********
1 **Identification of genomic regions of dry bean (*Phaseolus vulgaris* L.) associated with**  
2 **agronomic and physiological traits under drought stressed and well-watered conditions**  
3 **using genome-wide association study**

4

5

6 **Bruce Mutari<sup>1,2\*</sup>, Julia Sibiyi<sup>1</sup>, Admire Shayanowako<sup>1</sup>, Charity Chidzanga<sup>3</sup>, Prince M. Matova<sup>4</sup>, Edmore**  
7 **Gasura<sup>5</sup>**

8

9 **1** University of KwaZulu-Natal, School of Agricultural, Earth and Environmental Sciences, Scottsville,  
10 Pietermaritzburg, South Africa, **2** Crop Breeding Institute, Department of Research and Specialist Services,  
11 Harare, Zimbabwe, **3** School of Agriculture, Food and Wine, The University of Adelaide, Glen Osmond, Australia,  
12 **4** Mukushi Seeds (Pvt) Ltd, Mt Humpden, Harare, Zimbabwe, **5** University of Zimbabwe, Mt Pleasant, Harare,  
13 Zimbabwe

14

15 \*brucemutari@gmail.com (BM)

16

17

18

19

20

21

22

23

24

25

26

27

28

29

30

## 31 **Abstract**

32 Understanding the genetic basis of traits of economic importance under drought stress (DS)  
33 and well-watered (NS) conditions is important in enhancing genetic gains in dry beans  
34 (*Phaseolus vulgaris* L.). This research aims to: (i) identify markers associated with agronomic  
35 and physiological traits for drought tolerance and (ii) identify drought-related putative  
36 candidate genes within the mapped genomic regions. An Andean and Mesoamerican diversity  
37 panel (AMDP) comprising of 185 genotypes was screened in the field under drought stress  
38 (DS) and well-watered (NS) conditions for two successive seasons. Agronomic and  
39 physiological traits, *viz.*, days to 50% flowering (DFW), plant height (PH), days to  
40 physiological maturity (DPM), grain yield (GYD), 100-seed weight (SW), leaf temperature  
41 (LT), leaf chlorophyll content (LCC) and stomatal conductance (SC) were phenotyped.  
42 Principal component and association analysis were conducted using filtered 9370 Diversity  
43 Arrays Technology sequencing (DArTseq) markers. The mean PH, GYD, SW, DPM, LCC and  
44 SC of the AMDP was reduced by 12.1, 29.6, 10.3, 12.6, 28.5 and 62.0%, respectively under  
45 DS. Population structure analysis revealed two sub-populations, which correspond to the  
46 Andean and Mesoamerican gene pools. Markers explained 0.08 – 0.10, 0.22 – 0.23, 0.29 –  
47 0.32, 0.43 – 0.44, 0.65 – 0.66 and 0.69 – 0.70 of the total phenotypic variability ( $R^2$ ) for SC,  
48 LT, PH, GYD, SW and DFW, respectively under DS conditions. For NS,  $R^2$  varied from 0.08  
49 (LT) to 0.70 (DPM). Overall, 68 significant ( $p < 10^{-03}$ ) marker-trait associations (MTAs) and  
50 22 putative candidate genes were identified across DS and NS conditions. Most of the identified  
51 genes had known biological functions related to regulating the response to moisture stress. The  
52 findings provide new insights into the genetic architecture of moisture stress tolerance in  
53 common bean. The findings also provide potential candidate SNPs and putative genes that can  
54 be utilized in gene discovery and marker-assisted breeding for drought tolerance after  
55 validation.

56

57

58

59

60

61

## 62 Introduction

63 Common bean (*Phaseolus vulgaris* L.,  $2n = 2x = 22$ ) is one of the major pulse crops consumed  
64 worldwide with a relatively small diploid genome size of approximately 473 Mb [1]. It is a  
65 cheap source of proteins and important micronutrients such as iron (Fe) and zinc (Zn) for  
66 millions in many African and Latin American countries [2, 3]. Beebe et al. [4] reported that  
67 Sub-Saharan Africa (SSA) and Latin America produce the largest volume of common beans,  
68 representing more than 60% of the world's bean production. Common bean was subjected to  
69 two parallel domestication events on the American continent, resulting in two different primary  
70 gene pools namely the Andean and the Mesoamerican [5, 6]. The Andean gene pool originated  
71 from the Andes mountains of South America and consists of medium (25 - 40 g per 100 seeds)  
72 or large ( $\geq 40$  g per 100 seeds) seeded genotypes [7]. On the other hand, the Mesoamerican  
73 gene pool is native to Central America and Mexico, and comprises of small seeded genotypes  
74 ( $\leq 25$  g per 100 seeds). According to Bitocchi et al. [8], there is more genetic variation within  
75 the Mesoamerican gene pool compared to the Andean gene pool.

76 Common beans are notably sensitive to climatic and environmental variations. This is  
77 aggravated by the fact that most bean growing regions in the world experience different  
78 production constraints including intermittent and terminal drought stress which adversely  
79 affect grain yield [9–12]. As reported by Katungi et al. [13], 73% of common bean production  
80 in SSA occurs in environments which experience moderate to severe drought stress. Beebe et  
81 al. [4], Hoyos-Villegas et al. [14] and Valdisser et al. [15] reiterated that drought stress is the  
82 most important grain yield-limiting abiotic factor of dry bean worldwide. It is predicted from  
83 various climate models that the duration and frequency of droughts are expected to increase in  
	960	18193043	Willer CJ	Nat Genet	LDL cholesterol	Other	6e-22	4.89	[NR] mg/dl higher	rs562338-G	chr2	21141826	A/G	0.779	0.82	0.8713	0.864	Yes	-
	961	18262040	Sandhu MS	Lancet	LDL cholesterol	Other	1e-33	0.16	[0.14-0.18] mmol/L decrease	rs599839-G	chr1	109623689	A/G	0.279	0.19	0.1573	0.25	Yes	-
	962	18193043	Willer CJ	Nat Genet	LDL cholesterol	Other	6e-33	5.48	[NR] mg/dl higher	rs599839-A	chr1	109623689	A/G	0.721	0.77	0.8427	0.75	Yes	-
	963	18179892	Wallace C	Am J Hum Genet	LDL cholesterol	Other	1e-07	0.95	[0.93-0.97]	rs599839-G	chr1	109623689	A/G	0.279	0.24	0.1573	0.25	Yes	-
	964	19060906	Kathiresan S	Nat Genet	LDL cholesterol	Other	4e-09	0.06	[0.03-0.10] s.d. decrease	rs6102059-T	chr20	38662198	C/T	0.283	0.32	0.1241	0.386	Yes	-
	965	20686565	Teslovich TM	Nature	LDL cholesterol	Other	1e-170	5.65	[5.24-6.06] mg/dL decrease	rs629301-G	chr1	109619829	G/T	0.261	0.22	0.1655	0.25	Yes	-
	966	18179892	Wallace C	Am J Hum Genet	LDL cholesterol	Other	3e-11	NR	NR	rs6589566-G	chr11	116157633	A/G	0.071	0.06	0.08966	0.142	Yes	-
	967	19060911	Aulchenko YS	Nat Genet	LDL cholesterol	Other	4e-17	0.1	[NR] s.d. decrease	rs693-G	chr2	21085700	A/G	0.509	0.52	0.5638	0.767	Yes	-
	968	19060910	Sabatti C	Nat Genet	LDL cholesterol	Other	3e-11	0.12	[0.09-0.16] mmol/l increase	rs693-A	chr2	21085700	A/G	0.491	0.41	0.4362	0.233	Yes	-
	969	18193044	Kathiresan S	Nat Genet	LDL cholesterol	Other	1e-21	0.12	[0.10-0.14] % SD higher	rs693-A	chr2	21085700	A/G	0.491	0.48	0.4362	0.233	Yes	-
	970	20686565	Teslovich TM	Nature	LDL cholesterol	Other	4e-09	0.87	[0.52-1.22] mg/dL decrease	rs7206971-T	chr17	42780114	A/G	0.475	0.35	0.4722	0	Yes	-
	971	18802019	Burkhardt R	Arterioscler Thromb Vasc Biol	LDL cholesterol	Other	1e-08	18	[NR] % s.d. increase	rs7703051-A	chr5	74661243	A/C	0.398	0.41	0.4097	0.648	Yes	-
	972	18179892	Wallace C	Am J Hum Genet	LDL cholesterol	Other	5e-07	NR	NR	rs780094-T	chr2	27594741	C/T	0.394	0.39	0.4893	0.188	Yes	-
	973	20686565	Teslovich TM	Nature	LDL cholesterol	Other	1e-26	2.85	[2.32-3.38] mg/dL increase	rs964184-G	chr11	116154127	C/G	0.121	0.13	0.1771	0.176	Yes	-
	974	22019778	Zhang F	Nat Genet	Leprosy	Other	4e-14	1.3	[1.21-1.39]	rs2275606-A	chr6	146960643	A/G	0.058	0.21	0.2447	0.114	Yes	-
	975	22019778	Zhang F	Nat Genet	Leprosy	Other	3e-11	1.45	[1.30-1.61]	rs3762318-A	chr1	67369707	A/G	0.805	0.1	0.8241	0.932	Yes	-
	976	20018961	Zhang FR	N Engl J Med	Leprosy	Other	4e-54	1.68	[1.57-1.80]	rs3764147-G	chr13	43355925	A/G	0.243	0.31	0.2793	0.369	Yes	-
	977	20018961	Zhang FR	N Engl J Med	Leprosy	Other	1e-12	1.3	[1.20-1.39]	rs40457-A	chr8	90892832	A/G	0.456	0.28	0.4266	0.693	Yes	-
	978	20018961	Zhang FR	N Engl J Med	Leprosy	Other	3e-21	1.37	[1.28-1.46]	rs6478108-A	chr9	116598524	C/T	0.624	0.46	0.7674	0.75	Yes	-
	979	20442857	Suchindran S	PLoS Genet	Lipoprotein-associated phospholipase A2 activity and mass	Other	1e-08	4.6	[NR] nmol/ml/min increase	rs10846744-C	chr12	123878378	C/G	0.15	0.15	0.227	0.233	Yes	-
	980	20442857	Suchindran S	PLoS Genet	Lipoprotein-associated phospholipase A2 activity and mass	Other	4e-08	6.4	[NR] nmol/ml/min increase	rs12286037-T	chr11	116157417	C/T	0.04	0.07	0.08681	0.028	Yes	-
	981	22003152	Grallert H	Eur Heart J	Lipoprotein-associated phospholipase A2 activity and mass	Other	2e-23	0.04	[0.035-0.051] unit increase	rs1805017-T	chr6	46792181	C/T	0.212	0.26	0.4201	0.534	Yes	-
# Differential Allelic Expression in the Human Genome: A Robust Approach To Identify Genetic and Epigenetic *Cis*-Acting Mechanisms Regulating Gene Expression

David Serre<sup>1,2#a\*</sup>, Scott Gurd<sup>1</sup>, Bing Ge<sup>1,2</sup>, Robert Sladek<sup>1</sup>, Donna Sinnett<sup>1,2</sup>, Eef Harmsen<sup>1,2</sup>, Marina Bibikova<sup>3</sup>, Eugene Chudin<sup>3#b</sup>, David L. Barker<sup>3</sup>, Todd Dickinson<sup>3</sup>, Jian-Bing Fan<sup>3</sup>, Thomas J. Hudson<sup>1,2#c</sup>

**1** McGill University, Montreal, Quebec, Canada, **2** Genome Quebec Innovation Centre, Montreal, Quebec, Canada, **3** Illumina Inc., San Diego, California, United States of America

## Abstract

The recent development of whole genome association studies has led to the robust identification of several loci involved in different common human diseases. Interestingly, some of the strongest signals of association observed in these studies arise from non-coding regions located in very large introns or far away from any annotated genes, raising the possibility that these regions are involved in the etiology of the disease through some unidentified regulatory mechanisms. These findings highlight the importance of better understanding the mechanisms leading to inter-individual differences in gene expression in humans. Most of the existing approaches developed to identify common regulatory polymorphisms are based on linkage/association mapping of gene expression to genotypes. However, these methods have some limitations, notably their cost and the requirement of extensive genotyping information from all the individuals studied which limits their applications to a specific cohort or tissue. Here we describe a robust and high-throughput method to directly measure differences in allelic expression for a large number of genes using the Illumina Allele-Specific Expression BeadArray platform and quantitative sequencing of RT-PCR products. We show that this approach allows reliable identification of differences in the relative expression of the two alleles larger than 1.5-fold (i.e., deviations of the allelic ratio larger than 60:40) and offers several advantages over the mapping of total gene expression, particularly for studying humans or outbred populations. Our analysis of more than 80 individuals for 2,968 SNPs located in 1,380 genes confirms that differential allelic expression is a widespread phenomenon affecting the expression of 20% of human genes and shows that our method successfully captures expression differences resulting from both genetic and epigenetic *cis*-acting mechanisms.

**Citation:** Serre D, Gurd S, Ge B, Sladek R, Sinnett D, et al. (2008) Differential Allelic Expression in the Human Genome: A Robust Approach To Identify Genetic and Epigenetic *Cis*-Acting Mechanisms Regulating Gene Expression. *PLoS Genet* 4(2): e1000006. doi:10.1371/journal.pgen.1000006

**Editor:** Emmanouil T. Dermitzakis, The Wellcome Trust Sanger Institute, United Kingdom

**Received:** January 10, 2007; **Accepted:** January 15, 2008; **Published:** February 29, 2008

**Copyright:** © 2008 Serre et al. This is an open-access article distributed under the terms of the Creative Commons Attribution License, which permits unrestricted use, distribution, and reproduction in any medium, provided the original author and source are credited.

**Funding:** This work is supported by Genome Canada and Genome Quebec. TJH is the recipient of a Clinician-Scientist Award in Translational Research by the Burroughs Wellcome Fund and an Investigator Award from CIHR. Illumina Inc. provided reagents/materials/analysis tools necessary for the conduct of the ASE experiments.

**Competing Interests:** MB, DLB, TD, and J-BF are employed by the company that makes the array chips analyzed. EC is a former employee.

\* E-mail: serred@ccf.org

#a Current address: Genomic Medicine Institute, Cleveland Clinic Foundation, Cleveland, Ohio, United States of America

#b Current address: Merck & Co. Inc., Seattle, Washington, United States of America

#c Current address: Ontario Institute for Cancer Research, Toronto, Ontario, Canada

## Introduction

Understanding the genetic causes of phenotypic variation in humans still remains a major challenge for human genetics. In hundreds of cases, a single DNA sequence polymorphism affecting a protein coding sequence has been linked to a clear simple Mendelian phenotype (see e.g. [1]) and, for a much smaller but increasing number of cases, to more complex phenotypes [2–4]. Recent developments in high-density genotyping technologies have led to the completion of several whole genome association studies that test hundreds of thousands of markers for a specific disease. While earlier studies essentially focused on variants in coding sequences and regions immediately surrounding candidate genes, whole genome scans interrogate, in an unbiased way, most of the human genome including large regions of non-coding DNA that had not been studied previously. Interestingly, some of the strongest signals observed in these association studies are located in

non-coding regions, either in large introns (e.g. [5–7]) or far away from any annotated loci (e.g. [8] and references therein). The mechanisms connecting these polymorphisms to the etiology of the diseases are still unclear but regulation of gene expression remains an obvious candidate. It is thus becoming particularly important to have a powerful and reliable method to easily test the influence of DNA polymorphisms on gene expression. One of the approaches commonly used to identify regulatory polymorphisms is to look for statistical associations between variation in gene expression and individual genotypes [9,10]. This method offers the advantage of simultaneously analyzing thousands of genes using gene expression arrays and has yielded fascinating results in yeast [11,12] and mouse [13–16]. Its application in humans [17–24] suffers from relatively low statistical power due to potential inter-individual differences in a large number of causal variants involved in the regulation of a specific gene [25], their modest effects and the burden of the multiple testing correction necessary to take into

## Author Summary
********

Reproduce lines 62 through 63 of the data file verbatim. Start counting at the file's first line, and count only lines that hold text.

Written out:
## 62 Introduction

63 Common bean (*Phaseolus vulgaris* L.,  $2n = 2x = 22$ ) is one of the major pulse crops consumed  